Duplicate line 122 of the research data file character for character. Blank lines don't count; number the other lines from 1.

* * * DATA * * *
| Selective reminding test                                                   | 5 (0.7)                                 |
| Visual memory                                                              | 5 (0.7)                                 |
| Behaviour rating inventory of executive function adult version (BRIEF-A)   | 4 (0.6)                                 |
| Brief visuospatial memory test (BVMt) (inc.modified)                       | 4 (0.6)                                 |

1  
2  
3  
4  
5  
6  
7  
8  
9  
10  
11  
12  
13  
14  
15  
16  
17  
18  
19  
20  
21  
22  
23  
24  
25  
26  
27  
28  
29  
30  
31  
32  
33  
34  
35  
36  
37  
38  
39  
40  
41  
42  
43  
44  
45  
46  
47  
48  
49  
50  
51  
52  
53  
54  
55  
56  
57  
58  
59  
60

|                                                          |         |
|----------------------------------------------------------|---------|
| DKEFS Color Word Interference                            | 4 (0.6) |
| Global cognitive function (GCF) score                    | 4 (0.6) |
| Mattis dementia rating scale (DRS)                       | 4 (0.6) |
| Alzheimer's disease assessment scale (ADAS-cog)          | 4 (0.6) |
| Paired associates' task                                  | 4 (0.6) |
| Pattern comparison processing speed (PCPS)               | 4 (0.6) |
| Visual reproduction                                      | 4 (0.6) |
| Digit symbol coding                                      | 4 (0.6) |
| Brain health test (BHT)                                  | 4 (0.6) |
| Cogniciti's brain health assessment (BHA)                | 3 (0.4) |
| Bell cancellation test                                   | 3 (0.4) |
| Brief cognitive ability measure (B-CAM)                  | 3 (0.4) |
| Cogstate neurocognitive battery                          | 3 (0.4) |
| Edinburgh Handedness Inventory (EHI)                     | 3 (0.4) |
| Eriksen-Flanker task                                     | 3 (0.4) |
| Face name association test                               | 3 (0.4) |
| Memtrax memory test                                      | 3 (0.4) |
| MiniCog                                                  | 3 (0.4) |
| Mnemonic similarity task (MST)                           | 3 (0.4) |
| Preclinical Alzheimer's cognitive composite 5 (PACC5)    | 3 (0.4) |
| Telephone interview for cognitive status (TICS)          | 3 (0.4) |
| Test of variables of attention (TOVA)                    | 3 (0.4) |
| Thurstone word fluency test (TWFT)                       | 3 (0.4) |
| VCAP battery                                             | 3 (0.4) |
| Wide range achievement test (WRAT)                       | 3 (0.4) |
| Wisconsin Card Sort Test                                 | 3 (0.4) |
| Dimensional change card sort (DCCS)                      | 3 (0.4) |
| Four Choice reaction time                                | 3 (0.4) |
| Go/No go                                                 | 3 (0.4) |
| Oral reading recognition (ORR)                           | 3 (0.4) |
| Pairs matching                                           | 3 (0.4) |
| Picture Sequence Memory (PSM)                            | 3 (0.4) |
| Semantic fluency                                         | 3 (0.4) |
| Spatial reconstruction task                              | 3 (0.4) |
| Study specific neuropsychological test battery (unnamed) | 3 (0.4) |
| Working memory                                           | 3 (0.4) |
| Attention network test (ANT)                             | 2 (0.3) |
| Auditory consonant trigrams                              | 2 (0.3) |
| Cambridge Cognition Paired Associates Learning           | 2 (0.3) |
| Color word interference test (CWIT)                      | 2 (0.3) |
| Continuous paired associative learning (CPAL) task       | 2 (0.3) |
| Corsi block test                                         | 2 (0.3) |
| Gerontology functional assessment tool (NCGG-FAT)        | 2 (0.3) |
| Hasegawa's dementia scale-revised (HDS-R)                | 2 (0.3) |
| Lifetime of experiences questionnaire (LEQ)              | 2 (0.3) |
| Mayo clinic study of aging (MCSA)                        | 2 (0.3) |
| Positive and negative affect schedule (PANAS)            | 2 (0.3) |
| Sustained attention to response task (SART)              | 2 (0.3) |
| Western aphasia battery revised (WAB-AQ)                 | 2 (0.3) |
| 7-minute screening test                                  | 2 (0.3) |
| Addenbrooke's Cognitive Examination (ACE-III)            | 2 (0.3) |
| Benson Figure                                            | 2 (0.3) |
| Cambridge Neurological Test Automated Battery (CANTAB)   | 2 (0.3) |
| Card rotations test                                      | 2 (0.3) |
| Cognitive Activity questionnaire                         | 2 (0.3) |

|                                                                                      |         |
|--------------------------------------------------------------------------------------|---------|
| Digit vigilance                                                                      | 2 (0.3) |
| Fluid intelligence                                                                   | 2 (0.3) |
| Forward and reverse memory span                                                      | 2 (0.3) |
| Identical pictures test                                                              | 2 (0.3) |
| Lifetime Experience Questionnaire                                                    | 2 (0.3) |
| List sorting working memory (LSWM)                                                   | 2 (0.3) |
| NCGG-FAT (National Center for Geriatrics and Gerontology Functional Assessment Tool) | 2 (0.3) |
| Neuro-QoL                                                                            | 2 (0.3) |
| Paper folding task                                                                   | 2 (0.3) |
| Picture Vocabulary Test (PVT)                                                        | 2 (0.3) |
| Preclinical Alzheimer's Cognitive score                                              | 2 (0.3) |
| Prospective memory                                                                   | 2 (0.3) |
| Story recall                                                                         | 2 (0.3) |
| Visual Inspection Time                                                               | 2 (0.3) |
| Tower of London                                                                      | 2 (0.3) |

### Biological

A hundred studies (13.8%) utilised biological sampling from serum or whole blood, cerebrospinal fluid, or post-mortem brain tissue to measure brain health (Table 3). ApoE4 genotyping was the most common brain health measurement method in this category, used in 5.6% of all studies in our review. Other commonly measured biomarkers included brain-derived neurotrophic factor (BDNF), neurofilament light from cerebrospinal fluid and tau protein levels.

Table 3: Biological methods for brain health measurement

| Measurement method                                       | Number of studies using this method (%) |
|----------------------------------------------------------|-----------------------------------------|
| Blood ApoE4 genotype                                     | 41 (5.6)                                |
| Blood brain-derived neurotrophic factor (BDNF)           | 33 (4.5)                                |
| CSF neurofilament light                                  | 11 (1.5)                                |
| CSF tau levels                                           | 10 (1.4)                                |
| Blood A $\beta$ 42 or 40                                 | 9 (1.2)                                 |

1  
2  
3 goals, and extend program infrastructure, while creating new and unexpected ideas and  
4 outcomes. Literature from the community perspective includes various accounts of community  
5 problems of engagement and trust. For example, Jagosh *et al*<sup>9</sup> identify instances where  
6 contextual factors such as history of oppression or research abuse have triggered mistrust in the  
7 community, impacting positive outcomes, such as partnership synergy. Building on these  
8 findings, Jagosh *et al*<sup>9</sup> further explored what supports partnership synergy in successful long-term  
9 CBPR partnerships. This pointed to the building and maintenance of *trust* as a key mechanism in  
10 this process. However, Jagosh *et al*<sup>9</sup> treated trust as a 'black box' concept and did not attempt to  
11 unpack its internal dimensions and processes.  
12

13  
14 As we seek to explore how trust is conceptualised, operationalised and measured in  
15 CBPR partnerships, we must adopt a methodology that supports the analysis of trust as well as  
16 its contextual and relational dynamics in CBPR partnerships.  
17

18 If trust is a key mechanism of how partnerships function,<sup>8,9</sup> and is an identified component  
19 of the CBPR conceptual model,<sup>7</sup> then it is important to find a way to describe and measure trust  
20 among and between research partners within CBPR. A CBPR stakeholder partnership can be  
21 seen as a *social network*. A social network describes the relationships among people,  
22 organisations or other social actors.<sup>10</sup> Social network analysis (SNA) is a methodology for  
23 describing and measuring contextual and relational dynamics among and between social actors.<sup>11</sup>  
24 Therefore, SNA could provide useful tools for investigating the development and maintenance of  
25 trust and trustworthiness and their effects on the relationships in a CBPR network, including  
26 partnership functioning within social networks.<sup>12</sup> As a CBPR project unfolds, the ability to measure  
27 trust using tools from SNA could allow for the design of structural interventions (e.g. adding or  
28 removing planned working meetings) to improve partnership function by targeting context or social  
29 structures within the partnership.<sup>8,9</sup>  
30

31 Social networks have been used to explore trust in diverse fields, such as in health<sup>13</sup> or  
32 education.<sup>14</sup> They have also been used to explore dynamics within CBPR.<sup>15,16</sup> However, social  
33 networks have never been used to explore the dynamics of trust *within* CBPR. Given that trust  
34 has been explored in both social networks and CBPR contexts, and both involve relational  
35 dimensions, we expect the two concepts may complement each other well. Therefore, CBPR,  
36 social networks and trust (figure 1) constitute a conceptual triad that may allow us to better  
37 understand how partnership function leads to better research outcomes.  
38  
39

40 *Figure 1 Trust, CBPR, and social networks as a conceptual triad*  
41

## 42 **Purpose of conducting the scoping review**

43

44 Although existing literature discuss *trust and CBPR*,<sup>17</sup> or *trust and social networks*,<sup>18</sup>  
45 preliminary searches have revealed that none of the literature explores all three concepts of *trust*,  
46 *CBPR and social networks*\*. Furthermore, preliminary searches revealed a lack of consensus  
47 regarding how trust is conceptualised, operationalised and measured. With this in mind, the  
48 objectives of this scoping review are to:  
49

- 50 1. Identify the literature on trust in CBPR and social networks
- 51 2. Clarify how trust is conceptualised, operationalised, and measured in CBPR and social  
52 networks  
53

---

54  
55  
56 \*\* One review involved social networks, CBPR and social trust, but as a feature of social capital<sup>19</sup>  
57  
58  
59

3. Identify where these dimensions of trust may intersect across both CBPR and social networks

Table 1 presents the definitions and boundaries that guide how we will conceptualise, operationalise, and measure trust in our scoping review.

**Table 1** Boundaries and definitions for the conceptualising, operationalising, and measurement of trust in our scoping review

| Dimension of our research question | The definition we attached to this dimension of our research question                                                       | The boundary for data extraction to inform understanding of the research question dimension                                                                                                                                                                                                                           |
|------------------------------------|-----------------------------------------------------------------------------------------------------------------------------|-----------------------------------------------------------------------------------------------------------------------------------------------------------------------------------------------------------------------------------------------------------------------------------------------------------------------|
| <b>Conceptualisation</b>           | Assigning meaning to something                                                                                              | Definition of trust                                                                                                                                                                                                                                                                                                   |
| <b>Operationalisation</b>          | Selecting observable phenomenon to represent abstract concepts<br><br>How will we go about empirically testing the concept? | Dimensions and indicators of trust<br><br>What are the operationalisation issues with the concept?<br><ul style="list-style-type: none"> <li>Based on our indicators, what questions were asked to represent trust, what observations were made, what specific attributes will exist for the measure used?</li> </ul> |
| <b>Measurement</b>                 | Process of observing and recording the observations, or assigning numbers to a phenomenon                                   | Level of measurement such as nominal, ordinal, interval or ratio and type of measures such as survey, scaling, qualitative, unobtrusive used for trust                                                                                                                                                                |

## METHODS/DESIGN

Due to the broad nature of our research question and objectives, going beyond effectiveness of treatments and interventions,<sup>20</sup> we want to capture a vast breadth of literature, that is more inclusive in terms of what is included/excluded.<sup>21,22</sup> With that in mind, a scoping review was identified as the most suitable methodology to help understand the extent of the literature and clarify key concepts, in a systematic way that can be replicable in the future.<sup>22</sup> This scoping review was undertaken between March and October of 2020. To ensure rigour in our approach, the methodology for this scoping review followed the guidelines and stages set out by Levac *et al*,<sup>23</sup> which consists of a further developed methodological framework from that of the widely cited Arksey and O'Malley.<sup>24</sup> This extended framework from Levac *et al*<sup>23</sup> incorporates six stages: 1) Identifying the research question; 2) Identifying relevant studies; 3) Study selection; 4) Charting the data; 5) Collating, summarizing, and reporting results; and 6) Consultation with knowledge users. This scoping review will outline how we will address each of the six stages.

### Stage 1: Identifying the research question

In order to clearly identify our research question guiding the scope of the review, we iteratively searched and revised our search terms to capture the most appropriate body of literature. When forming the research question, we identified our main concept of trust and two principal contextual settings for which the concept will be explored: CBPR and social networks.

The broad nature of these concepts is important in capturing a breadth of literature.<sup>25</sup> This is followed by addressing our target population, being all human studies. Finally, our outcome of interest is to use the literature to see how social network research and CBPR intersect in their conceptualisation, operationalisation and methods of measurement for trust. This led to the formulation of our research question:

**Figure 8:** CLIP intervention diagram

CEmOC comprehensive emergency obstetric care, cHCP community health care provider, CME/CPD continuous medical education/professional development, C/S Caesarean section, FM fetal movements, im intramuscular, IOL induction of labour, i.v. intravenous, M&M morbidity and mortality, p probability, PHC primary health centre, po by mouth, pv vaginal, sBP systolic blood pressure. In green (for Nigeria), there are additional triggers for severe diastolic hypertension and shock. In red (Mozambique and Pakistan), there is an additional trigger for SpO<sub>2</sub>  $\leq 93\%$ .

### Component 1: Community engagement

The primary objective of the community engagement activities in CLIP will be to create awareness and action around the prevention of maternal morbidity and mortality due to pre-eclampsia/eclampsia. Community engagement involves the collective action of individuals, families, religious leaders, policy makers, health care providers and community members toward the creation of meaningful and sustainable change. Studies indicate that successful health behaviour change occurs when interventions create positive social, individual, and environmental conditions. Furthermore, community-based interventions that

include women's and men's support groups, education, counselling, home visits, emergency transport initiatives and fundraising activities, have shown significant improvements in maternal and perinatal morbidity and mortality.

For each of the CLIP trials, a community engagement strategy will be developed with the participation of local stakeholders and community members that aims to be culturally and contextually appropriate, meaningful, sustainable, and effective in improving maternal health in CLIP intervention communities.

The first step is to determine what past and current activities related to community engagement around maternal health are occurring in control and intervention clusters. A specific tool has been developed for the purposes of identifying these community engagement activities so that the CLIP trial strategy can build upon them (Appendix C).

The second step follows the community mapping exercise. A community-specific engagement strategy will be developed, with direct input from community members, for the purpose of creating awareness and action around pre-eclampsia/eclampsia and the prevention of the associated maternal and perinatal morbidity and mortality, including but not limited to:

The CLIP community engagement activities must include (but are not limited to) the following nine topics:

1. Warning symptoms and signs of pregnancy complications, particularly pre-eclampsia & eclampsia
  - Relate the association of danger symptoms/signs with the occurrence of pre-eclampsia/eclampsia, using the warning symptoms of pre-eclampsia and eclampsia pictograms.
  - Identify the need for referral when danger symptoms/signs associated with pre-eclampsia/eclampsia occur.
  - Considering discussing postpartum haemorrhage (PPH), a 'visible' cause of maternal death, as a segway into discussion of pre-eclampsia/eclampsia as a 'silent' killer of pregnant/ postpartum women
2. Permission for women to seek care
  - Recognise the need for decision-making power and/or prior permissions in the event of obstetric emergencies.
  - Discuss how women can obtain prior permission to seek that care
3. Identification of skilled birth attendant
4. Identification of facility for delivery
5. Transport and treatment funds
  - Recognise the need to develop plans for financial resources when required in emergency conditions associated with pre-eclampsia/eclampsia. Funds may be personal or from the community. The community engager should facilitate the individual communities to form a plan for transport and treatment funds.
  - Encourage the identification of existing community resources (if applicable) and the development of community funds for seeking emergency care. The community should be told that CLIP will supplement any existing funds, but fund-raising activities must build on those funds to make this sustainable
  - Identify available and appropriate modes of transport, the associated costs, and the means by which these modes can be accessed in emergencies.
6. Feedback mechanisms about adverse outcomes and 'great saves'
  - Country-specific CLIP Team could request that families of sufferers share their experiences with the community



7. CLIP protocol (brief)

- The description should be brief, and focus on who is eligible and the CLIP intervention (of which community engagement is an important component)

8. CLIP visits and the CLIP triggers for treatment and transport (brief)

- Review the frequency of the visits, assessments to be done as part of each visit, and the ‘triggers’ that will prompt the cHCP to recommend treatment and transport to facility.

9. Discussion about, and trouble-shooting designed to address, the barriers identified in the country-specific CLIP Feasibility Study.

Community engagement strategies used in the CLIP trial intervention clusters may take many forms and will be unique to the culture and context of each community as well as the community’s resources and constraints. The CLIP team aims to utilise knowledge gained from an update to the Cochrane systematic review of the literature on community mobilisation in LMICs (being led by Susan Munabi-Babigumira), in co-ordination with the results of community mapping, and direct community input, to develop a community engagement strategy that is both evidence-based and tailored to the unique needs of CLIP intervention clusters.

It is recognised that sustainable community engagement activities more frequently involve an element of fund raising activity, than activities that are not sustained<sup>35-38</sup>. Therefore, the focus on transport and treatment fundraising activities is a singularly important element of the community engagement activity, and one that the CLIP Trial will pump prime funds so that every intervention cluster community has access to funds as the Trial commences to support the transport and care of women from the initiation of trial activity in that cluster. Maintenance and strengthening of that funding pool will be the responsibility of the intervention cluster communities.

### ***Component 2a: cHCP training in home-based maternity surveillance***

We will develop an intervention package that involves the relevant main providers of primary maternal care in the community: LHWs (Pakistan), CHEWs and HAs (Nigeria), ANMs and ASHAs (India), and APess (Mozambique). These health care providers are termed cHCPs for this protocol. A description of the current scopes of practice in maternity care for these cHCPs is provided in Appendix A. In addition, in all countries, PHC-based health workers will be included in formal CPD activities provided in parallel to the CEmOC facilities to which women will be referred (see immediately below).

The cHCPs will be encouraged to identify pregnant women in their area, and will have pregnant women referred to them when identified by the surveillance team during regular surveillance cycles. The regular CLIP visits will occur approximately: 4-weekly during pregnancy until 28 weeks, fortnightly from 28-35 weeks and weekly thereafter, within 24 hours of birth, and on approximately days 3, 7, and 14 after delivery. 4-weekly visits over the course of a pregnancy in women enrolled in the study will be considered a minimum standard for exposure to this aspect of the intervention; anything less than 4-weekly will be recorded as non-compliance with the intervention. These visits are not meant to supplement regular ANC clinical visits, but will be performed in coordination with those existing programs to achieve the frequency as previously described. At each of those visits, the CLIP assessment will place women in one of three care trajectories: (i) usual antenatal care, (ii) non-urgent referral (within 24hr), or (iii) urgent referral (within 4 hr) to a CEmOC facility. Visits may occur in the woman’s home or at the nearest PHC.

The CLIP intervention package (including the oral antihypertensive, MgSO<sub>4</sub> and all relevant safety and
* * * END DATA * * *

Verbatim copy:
|                                                                                      |         |